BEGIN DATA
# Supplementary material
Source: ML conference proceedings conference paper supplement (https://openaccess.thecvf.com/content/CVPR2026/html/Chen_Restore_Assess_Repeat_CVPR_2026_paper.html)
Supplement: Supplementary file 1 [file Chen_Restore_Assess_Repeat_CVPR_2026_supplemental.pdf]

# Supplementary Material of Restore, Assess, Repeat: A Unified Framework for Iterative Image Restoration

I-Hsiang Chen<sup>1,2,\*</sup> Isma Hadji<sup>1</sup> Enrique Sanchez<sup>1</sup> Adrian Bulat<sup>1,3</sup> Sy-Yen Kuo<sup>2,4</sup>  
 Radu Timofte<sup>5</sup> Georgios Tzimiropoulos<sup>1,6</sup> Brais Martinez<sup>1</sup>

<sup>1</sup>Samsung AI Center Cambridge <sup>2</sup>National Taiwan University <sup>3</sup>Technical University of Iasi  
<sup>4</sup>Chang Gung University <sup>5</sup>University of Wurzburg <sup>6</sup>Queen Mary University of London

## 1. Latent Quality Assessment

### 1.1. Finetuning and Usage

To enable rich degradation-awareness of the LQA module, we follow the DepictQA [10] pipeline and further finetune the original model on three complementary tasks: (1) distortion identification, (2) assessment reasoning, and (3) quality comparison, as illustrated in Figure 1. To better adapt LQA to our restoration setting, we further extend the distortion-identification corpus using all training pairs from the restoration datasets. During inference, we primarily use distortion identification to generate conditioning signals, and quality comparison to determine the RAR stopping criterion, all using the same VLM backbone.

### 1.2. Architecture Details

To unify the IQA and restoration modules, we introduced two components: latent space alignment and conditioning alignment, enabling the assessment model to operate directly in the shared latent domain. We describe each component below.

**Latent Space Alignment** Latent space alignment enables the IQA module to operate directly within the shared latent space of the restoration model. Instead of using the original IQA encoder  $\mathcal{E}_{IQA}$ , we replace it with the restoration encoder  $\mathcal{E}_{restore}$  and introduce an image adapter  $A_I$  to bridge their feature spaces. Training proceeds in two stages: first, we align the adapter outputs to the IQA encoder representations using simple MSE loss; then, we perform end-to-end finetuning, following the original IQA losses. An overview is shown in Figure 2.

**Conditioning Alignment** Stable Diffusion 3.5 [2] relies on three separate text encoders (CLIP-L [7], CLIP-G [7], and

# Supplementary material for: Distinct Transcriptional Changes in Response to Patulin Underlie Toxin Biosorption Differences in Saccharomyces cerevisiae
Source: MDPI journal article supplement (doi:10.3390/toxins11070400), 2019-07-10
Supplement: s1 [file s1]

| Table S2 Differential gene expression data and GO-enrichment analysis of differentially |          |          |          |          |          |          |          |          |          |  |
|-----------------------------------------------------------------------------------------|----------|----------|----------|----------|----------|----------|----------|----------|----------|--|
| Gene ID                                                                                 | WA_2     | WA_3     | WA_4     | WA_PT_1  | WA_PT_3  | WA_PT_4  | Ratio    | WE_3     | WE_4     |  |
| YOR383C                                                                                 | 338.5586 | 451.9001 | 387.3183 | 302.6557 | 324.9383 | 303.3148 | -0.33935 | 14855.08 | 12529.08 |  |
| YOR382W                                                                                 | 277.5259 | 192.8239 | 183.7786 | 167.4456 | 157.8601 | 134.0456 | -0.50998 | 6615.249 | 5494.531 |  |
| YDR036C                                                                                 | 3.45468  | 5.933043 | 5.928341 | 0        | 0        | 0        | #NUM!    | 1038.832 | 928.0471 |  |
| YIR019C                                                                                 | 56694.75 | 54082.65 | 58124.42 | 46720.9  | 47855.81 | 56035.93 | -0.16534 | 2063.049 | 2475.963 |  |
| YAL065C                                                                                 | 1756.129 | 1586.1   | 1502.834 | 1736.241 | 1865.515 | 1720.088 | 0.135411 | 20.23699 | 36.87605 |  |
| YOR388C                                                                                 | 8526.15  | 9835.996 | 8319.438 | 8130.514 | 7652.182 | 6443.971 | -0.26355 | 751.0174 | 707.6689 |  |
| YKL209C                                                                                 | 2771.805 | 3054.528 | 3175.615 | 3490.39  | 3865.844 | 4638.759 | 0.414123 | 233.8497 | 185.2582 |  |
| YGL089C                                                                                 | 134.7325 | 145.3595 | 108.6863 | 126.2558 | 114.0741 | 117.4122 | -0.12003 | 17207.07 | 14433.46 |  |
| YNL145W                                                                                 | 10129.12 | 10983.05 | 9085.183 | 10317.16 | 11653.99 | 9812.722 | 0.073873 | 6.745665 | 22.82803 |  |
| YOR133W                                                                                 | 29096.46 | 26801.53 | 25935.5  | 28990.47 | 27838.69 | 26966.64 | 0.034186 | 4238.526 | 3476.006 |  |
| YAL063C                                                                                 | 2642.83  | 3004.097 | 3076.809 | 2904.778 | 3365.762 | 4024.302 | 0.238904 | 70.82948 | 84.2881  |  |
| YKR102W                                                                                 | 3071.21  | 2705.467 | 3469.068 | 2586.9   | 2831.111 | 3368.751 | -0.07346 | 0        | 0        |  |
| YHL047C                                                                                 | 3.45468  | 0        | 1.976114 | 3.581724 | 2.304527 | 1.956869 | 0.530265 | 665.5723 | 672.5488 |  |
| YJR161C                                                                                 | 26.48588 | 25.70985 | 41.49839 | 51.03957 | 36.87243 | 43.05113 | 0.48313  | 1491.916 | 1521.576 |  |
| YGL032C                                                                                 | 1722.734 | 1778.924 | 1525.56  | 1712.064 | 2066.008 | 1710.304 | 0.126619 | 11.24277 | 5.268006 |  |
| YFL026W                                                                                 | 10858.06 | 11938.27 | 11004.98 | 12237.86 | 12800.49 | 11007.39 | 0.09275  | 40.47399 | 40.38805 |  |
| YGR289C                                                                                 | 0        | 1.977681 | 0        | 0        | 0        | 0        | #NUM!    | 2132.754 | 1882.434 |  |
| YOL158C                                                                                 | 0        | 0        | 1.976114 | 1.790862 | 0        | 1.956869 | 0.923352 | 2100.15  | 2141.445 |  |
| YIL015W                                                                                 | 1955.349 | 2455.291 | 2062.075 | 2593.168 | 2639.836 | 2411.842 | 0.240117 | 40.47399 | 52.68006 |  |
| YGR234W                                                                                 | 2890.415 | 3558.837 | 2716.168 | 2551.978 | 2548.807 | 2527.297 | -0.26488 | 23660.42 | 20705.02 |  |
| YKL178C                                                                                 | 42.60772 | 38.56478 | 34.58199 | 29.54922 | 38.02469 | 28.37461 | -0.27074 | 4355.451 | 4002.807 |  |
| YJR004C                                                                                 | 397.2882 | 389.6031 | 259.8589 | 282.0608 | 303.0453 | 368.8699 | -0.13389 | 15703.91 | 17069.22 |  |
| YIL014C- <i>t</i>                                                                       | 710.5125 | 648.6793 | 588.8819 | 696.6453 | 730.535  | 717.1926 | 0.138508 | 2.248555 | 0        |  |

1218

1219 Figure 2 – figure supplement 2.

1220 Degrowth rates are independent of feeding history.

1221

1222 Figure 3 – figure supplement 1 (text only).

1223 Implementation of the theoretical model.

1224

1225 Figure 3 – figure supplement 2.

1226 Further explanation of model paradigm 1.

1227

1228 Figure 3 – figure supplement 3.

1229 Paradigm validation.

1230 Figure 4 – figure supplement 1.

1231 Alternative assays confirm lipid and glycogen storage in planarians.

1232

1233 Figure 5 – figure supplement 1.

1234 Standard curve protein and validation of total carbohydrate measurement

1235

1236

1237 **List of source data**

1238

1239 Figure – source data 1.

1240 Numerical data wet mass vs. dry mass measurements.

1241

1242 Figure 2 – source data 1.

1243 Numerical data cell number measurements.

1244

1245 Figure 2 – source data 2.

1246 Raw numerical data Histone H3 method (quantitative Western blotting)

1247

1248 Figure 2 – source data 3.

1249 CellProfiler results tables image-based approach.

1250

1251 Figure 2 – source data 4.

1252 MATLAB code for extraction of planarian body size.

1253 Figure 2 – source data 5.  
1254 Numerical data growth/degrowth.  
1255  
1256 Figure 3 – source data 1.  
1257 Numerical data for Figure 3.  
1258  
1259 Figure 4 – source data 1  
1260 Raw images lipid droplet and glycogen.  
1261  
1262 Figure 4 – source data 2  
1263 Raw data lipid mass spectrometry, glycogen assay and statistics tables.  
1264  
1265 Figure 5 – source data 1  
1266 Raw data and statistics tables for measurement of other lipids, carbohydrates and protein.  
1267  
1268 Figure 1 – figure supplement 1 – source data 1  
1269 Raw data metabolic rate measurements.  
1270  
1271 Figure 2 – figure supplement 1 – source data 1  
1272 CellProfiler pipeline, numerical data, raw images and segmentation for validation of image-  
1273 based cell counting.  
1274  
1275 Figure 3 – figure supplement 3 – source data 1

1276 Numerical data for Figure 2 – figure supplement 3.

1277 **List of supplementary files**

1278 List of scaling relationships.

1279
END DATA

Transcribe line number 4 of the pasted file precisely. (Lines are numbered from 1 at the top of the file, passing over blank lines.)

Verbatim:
# Supplementary Material of Restore, Assess, Repeat: A Unified Framework for Iterative Image Restoration